Showing posts with label donkeys. Show all posts
Showing posts with label donkeys. Show all posts

Monday, August 2, 2010

Moshé's future companion

My donkey Moshé has been upset (disoriented ) by the recent disappearance of his old companion Mandrin.

It's a well-known fact that donkeys don't like to lead a solitary existence, so I immediately started looking around for an animal to keep him company. As of today, I'm happy to have found an ideal solution: a baby female donkey named Fanette who'll be available (that is, weaned) by the middle of October. This afternoon, Fanette's breeder, a young woman from Presles named Sylvie Rozand, introduced me to the beautiful little donkey.

In October, to get Fanette down to Gamone, Sylvie and I plan to walk down the slopes from Presles to Choranche. The road starts with a short but difficult section comprising a tunnel. Normally, donkeys refuse to enter tunnels, just as they refuse to cross streams. Sylvie has done this journey already. She tells me that Margot can be coaxed into entering this tunnel, while Nina and her daughter can be roped up behind and led along by Margot.

Fanette's father is a Provençal donkey owned by my Châtelus neighbor Jean-Marie Huillier (in fact, Sylvie's cousin), whose farm is located just across the Bourne from Gamone. By chance, I've been saying hello to this male donkey for ages, every time I drive across to Châtelus.

After leaving the donkeys, Sylvie invited me for a drink with her parents, in front of their old farmhouse in the village of Presles. My daughter Manya and I have known this couple for ages.

They're natives of Presles and traditional farmers, members of a race that has almost disappeared. Sylvie's companion happens to be a Welshman named William, whom I've not yet met. He's a professional shepherd, stationed for the moment in an Alpine context with a huge flock of sheep. In French, the operation that consists of a shepherd and his dogs leading their flock up to high-altitude pastures for the summer months is referred to as alpage. Then they all come down again to the valley as soon as the first snow appears.

This afternoon, I received an open invitation from William and Sylvie to drive up to spend a couple of days in their Alpine cabin, some three hours away from here by car. I hope I'll be able to accept this invitation, along with my dog Sophia. If so, a surprise awaits us. We'll be returning to Gamone with another companion, for Sophia: a pure-bred Border Collie pup.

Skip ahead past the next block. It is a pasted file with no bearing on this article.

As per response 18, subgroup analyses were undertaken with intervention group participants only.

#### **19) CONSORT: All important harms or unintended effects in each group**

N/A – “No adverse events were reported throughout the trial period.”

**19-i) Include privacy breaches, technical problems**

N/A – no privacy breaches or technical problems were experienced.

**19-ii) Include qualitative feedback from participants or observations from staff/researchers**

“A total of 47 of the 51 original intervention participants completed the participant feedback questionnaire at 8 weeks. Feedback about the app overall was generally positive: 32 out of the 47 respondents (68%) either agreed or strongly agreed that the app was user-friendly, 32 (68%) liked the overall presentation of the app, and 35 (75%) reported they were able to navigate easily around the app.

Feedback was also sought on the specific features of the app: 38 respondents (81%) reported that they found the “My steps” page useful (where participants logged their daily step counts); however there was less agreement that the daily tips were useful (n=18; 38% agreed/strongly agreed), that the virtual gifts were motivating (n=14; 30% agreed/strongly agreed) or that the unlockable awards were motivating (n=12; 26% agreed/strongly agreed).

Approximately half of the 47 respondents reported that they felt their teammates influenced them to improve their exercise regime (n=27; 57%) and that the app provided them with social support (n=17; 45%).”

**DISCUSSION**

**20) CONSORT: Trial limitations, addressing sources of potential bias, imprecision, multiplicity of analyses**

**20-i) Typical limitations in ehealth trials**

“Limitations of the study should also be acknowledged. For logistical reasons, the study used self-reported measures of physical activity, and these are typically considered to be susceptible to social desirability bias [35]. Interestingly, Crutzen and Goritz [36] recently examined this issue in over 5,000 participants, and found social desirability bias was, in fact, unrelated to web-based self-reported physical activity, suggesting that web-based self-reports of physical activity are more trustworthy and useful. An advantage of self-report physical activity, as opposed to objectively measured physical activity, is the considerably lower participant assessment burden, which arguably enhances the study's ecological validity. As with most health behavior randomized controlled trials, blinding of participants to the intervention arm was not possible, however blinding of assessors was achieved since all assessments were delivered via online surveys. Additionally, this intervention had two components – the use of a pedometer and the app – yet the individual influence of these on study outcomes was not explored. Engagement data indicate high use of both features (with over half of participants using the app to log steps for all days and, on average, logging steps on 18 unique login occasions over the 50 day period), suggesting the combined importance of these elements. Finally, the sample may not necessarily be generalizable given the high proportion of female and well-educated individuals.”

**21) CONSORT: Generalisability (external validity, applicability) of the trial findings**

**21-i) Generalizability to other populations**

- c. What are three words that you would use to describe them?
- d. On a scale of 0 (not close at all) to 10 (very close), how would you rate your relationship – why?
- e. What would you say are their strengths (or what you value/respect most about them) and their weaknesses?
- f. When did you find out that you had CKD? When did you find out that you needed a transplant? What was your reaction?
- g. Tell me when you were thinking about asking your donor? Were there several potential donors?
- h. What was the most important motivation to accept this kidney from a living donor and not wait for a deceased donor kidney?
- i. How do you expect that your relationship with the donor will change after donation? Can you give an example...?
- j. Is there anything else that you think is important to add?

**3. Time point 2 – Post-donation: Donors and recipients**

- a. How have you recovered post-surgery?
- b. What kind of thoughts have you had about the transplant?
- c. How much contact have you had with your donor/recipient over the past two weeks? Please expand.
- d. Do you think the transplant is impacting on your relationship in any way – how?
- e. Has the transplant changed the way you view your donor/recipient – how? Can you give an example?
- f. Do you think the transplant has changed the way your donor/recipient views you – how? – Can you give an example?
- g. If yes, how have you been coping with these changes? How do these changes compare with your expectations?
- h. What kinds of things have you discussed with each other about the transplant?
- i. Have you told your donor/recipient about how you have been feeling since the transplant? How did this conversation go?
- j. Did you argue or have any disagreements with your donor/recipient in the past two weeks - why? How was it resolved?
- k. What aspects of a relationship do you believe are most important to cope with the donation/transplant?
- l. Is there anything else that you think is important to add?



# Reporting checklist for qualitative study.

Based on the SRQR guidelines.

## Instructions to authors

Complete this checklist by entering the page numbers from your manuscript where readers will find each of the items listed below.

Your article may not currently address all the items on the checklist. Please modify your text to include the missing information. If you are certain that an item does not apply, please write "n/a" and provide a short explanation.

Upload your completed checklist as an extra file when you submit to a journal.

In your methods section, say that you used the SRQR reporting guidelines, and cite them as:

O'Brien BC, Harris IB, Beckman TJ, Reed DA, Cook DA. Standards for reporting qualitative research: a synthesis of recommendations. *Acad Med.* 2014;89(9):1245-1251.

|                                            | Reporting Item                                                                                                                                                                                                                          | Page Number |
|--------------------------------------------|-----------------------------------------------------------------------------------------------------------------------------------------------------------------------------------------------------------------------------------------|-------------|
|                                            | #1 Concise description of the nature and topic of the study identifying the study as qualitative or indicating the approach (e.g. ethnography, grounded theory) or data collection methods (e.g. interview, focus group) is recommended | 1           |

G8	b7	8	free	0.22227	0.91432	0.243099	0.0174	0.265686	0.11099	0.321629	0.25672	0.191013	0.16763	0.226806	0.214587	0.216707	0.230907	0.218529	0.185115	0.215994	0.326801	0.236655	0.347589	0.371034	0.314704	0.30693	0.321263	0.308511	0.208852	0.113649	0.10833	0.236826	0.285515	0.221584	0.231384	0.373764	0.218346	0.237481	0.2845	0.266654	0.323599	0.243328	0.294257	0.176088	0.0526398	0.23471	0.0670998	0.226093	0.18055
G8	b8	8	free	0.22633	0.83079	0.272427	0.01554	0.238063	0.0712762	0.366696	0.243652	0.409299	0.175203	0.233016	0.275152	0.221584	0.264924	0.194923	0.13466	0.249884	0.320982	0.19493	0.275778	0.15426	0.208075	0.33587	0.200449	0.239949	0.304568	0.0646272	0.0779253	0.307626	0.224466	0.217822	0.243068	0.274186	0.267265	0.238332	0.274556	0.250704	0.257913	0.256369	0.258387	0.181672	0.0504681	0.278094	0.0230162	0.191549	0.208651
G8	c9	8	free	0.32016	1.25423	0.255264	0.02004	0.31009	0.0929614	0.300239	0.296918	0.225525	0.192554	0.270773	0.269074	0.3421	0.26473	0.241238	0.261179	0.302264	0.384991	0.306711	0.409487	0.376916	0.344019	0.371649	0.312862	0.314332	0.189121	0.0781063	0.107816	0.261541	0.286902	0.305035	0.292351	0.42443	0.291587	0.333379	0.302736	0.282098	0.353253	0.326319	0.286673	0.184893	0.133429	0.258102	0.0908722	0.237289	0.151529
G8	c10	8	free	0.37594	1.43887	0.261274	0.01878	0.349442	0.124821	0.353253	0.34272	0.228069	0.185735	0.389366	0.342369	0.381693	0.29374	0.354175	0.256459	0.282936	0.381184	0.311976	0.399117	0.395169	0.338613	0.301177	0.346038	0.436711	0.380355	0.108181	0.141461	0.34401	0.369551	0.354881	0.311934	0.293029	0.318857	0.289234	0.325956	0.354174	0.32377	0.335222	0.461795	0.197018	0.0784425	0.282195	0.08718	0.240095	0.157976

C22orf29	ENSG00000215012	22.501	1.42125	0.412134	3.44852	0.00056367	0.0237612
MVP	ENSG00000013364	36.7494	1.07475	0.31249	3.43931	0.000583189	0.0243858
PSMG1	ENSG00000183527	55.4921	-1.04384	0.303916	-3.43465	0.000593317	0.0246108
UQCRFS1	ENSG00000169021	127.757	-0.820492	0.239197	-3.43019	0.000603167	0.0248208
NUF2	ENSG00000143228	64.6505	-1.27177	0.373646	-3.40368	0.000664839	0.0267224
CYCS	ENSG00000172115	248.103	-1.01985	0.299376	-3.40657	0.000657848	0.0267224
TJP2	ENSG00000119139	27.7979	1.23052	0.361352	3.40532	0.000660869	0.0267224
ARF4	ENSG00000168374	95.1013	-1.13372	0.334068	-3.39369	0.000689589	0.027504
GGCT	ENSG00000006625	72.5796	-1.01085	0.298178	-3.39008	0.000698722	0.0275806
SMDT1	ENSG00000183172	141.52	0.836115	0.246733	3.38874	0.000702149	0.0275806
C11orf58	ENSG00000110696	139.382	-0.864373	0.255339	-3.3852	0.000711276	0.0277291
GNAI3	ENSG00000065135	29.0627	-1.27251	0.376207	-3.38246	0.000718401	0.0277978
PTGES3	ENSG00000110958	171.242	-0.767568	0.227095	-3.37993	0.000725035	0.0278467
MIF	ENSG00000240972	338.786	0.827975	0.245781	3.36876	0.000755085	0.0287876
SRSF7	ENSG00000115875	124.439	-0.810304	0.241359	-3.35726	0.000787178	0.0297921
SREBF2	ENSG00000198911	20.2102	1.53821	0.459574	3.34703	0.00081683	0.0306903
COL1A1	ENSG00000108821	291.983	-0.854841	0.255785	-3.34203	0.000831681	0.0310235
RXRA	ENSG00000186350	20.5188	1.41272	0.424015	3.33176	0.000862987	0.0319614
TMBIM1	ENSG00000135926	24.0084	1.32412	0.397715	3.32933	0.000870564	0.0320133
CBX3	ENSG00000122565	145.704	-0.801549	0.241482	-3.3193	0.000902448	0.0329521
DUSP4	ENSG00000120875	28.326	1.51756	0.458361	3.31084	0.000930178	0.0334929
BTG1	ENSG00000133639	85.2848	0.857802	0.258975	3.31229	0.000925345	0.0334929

Tuesday, May 11, 2010

Nice key ring, noble NGO

I've always liked this key ring, which was given to me by my daughter Emmanuelle soon after I moved into Gamone and invited the young donkey Moshé (born in a neighboring valley) to join me.

At that time, this key ring was associated with a French-based NGO [nongovernmental organization]: Veterinaries without borders.

Recently, a reference to agronomists has been inserted into the NGO's title. [Click the banner to visit their French-language website.] Their noble goal consists of using agronomic and veterinary know-how in the planetary combat against hunger.

The donkey is an excellent symbol for the quest for durable solutions… if only because the beast itself might be thought of as a kind of living "durable solution" that has come down to us intact from African prehistory. Admittedly, here at Gamone, my two donkeys happen to be living in an exceptional environment, where there's always something to eat… even in winter, when there's half a meter of snow on the slopes. For their ancestors in parched lands, life was surely much harsher.

Monday, February 22, 2010

Donkey dinner

When I found a few apples lying in the grass, preserved by the snow, I cut them up and put them on top of the donkeys' daily dose of oats.

I was a little surprised to find that the animals promptly pushed aside the apple fragments so that they could get stuck into the oats.

I had always imagined that the donkeys are immensely fond of apples. Well, they are, I'm sure... but it seems that they're fonder still of oats.

Five minutes later, when I returned to pick up the dishes, both the oats and the apples had disappeared. Maybe it's like children having a meal in such-and-such a celebrated junk-food restaurant. I would imagine that, spontaneously, a normal kid would tackle the hamburger and French fries first, and then move on to the sundae.

The donkeys were standing still at the same spot, above the empty dishes, digesting their dinner.

Judging from the respective positions of their ears, old gray-faced Mandrin is waiting for me to say something (or maybe he's intrigued by the buzz of my Nikon adjusting its focus), whereas young beige-faced Moshé is more interested in keeping an auditive "outlook" on what might be happening behind him: in particular, the presence of Sophia... who learned long ago that it's not wise for a dog to spend too much time behind the powerful rear legs of a donkey.